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How Money Laundering Is Done Through Kenyan Banks

Banks offer a gateway into the financial system. Once the funds are in the financial system, it is easier to disguise their illegal origin.



Kenya’s banking industry has in recent years been in the crosshairs of nationalregional and international watchdogs, given the country’s role as a financial hub in eastern Africa. In 2023, Kenya enacted laws to curb money laundering and combat terrorism financing.

While the laws have led to tougher sanctions on some banks, the risk of money laundering remains, and the country was recently greylisted by the Financial Action Task Force. A grey list contains countries that are actively working with the Financial Action Task Force to address loopholes in countering money laundering, terrorist financing, and proliferation financing.

Constance Gikonyo, a corporate law academic who has researched the place of banks and piracy in money laundering, answers questions about existing loopholes.

How is money laundered through banks?

Money gained illegally can be laundered by placing it into the financial system through banks. Those who launder money typically engage in “smurfing” and “structuring”.

This is the breaking down of large sums of money into smaller transactions to evade the reporting threshold and avoid suspicion. In Kenya, the reporting threshold has been increased from US$10,000 to US$15,000. Banks have to report certain transactions to the Financial Reporting Centre.

Once in the financial system, the money is moved around in a process known as layering. Funds are moved through different banks using different transactions and bank accounts to disguise the illicit origin of the money.

Once the money is disguised, the banks will again be involved in the process of integration. This is where the money is deposited into the bank account of the person or entity that finally uses it.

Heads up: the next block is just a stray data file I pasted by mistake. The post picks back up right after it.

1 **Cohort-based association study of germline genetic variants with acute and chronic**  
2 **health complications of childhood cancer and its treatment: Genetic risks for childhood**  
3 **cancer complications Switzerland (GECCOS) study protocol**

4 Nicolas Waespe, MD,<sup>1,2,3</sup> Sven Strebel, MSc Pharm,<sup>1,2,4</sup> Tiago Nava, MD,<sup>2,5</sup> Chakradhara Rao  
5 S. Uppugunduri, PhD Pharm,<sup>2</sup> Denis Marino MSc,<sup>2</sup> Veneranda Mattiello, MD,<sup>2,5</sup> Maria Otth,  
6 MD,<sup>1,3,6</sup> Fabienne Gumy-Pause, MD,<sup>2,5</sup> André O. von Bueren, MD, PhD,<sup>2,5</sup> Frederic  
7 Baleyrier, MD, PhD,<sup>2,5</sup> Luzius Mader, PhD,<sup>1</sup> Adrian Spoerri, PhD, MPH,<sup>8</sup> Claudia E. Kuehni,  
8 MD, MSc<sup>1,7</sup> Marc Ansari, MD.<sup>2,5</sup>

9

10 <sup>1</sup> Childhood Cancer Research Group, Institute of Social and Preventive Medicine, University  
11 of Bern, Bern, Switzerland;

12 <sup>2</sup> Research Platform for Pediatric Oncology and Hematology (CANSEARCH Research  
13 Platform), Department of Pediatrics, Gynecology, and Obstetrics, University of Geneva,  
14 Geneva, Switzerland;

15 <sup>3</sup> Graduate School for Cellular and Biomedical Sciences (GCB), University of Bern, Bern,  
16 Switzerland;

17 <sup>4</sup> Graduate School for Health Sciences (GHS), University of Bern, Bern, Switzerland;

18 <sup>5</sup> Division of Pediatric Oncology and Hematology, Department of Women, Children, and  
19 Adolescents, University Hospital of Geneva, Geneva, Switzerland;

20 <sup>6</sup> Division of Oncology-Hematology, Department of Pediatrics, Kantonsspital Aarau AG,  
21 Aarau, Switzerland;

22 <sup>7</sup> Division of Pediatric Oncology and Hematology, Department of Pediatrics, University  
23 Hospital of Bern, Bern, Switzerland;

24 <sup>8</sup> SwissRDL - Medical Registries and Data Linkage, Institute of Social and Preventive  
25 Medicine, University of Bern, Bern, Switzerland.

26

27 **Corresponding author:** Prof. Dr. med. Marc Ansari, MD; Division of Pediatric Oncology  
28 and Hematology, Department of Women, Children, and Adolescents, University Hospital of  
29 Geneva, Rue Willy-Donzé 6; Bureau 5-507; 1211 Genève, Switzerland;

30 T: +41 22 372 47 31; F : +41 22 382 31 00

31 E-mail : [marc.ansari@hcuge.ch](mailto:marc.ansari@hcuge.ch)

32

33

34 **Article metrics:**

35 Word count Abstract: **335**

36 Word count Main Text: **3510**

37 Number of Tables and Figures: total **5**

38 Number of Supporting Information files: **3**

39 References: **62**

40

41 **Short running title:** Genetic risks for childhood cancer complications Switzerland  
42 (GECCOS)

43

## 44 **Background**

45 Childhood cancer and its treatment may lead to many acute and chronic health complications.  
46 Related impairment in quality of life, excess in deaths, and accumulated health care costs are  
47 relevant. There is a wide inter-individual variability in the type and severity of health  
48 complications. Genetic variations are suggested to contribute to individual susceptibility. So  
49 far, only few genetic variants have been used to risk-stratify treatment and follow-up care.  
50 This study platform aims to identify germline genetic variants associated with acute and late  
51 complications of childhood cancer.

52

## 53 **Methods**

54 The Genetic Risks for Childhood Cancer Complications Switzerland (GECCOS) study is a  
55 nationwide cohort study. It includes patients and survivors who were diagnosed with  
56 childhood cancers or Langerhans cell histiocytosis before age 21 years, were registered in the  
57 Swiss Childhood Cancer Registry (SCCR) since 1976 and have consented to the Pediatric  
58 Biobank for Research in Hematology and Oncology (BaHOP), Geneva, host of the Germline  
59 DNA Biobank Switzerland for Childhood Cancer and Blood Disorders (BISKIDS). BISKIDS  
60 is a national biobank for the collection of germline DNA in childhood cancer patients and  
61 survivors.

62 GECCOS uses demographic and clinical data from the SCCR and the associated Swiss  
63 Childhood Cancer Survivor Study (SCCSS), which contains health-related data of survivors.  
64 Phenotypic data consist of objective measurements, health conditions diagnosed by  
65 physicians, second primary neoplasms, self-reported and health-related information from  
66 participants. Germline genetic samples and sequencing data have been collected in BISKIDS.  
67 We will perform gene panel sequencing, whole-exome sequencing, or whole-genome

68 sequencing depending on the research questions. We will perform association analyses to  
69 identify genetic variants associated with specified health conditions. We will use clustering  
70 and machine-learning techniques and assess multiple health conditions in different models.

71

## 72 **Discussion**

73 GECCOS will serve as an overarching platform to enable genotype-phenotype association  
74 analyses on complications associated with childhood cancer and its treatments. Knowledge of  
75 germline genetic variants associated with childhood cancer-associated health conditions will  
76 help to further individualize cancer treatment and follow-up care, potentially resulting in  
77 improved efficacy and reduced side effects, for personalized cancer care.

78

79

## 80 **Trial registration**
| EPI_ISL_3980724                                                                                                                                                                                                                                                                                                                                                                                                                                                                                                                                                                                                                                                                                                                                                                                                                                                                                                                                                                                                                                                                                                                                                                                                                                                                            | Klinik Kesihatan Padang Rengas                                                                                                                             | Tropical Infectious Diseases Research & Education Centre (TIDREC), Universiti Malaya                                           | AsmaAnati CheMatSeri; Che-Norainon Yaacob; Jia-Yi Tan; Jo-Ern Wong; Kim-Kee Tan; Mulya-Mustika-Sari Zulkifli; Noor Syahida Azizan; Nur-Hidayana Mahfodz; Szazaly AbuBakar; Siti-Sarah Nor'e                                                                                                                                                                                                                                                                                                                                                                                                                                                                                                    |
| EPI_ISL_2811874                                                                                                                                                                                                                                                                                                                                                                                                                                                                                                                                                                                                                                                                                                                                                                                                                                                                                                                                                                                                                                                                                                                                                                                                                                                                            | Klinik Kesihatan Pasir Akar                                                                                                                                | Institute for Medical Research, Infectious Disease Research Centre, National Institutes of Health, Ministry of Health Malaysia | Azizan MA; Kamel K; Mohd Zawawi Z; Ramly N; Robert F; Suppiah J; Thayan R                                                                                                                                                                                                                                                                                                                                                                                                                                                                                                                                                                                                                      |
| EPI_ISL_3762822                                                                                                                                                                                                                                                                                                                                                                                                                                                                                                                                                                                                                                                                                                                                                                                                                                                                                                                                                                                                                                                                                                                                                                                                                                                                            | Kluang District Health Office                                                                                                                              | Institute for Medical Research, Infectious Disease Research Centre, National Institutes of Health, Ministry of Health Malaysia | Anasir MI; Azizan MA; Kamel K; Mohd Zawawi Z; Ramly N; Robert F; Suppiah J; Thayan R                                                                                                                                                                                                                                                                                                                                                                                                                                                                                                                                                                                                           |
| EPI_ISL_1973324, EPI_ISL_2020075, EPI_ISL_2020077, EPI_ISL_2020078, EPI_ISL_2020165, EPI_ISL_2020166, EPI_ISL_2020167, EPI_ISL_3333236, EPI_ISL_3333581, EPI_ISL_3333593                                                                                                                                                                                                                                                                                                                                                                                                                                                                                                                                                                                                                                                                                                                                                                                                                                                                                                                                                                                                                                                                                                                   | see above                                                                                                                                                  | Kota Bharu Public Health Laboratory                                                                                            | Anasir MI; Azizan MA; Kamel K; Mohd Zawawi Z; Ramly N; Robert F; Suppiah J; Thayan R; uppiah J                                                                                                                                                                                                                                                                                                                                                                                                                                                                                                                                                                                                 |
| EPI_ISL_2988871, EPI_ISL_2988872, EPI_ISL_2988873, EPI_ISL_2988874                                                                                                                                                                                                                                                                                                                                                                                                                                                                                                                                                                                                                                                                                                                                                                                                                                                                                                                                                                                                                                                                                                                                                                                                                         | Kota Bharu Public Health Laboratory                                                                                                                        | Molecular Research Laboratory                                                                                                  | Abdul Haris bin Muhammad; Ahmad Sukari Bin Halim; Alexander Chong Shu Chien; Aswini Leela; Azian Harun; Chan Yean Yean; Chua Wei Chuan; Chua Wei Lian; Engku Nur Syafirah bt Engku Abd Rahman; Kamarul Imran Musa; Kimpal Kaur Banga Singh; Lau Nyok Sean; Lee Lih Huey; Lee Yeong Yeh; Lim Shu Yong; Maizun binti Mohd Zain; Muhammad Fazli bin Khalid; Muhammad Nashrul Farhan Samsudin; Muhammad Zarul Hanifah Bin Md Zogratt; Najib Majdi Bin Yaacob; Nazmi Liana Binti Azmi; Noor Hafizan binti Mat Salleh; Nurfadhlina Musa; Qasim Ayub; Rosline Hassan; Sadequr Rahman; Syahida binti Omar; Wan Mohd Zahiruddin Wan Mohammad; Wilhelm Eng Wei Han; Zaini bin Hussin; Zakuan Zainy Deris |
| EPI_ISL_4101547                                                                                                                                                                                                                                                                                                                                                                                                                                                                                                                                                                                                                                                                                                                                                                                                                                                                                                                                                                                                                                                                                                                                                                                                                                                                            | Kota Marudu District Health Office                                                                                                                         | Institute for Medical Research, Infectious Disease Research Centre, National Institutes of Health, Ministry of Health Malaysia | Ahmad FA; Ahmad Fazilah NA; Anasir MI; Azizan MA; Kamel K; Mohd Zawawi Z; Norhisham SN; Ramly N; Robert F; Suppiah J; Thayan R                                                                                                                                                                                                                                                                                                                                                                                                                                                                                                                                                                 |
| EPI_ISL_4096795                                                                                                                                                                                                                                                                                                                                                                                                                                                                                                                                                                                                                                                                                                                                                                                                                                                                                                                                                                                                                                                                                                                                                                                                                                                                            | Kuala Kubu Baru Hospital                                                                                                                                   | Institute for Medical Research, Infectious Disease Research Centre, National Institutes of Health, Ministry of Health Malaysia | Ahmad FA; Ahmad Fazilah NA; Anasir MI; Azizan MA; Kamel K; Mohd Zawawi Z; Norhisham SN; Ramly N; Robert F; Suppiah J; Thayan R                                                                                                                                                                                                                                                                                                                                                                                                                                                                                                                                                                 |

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That way, the criminal proceeds are integrated with legitimate funds. These funds make their way into the economy through investments such as purchasing a property.

Why are banks the prime targets of money launderers?

Banks offer a gateway into the financial system. Once the funds are in the financial system, it is easier to disguise their illegal origin. Also, technological advancements and the integration of the global financial system make it easier and faster to move money around and across borders.

Some banks have weak know-your-customer procedures—mandatory checks meant to identify and verify customers when opening an account and periodically over time. These can be exploited. Banks don’t always continue monitoring customers effectively.

There are also cases of complicit individuals within banks using the system to aid money laundering.

What are the duties of banks?

Kenya’s law, the Proceeds of Crime and Anti-Money Laundering Act, imposes duties on banks in seeking to deal with money laundering.

Banks must:

Evaluate their customers thoroughly. The due diligence should be based on an assessment of the customer as a risk. The riskier a customer appears to be, the more comprehensive the evaluation should be.

Keep records of transactions and customer identification information for at least seven years after the end of the engagement.